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By Cecile Gutscher and Yakob Peterseil
A small band of humans is taking up arms against the rise of the machines.
Fund managers who ride big sell-offs in stocks are relishing fresh Wall Street warnings that robots and the like are leaving the bull market more vulnerable to explosions in volatility and crashes in liquidity.
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They’re ready to pounce when the herd — from quants to passive money — is forced to unwind in a downturn just as the relative firepower of fundamental managers to buy the dip gets depleted.
All told, today’s equity rally is storing up all the ingredients for a flash crash, according to Dominick Paoloni in Denver. The founder of IPS Strategic Capital started a fund three years ago to hedge price swings triggered by robotic programs going haywire — and sees the current market calm prone to disruption.
“Algorithmic trading strategies and other quantitative traders have caused exacerbated moves on both the up and downside in equity markets,” he said. “As AUM continues to flow out of actively-managed equity funds there are less participants available to bring markets back to equilibrium.”
Rotation to passive can deplete pool of investors ready to buy cheap and backstop a market disruption: JPM
Computers are a favorite scapegoat when risk assets are falling and volatility edges higher. But the paranoia makes sense in these rising markets given last year’s sudden maelstrom and the ensuing melt-up.
JPMorgan Chase & Co. estimates that U.S. equity liquidity in December was one-third of previous sell-offs this cycle. The bank blames in large part the shift away from human to electronic market makers.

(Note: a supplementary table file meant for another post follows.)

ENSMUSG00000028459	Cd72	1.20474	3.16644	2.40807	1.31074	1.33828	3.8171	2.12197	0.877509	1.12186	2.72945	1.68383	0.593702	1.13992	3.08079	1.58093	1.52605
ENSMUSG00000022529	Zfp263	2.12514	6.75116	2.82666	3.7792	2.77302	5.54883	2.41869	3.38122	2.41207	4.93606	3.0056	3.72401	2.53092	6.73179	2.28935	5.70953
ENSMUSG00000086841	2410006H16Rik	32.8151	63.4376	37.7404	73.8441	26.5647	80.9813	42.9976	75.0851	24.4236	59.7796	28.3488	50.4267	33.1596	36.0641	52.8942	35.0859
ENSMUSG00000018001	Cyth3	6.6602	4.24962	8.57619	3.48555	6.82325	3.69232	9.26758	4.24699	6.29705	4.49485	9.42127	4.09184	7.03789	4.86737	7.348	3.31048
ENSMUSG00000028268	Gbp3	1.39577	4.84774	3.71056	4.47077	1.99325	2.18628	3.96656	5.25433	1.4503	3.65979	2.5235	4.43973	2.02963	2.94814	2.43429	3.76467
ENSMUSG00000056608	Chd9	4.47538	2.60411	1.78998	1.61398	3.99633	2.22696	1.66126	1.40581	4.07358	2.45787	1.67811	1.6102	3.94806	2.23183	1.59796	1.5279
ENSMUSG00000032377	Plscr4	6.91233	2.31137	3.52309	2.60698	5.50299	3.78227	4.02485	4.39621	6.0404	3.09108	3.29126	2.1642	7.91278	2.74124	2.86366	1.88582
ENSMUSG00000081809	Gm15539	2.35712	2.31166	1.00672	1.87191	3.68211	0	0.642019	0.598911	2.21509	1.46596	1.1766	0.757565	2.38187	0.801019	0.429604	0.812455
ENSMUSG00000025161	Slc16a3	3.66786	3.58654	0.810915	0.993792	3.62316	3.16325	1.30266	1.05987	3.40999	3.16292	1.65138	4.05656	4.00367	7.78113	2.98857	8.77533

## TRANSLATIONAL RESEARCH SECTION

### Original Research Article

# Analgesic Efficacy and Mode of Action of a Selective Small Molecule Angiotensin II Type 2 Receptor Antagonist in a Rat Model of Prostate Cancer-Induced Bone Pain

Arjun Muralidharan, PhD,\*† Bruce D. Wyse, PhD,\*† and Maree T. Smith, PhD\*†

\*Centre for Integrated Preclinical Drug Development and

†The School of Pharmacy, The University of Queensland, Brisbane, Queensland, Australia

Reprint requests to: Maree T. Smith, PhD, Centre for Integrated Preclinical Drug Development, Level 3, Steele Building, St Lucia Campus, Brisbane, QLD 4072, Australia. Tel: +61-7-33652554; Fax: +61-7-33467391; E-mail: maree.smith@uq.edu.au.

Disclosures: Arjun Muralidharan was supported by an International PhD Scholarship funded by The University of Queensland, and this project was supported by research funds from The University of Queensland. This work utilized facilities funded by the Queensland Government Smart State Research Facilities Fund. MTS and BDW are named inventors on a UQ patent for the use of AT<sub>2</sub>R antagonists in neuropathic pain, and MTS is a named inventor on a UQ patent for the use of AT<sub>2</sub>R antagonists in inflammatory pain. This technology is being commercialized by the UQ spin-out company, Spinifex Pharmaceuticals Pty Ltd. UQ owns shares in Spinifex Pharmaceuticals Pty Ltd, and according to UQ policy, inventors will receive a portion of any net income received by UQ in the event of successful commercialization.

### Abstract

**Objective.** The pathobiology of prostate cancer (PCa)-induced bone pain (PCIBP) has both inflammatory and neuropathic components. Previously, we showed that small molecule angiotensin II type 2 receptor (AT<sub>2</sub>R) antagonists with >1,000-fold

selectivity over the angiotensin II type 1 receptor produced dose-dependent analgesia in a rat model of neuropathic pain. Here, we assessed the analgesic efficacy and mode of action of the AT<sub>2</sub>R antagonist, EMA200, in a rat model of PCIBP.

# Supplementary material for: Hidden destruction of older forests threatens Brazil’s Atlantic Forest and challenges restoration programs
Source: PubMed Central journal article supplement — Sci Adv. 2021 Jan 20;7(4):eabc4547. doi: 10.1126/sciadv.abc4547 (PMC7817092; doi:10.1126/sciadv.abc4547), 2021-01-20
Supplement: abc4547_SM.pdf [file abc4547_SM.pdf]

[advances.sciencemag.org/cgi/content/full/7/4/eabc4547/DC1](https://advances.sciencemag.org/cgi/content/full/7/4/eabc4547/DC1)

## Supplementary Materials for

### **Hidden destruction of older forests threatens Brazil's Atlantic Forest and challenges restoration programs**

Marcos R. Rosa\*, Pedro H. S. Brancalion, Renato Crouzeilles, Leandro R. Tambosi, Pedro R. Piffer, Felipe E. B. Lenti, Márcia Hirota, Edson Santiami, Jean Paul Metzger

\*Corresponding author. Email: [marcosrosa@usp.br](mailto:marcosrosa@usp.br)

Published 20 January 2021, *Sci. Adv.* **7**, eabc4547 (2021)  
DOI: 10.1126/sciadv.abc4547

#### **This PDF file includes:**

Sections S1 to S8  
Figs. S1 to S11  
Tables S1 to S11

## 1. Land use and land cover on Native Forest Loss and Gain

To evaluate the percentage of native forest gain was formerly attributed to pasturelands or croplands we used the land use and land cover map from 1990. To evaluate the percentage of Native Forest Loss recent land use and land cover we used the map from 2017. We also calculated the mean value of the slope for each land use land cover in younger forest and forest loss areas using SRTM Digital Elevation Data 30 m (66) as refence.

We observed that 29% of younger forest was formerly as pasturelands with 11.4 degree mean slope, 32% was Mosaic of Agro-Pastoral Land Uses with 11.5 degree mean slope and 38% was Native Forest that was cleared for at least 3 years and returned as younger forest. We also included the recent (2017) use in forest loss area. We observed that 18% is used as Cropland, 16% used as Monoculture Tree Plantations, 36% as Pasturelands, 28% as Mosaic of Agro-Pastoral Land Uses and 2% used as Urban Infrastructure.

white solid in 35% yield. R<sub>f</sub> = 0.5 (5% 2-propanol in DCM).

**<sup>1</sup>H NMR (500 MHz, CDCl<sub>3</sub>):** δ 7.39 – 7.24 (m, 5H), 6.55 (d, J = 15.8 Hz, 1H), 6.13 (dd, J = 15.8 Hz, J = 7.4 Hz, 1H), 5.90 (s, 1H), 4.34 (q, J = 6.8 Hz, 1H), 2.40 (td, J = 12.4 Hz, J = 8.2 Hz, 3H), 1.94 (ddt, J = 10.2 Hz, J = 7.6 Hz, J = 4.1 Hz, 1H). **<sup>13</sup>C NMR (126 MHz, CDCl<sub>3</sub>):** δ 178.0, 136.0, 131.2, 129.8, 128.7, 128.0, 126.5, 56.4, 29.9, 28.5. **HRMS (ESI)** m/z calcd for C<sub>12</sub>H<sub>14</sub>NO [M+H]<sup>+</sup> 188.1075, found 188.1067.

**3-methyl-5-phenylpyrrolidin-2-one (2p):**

Over in London, Richard “Jerry” Haworth also argues algorithmic traders are a destabilizing force. His 36 South Capital Advisors LLP offers protection against tail risks through long-dated out-of-the-money options on multiple asset classes.
“There’s an illusion of liquidity because the algos are active,” Haworth said in an interview in his Mayfair office. “But if they switch their machines off because they’re uncertain about some information that has come to light, that’s a lot less liquidity.”
The scale of this shift in market structure was underscored in JPMorgan research that concluded index and exchange-traded funds, quants and options-related strategies dominate all but 10 percent of U.S. stock trading. The amount invested in large-cap equity funds tracking indexes recently eclipsed cash in actively run funds of the same type.
Put another way, there’s a vanishing cohort of human-powered funds with the conviction to snap up single-stock names in a falling market. They would act as a brake on losses.
Paoloni’s Absolute Return Strategy fund primarily trades equity-index options and VIX contracts. It’s had some of its best days when the S&P 500 plummeted by more than 4 percent in a single session. The $64 million fund is getting more inquiries of late from financial advisers wary of another 2009-style crash.
The potential of a one-day decline of more than 5 percent has increased in recent years, according to the investor.
Defenders of funds programmed to sell or buy on volatility triggers point out they are reducing spreads and day-to-day price swings in part thanks to their growing arsenal of assets. But the risk is that when volatility reawakens, they’ll exit the market on a dime and expose its fragility, says Paoloni.
“The illusion of a lot of liquidity dampens volatility,” Haworth said. “When that illusion is broken, volatility will be a lot higher than it otherwise would have been.”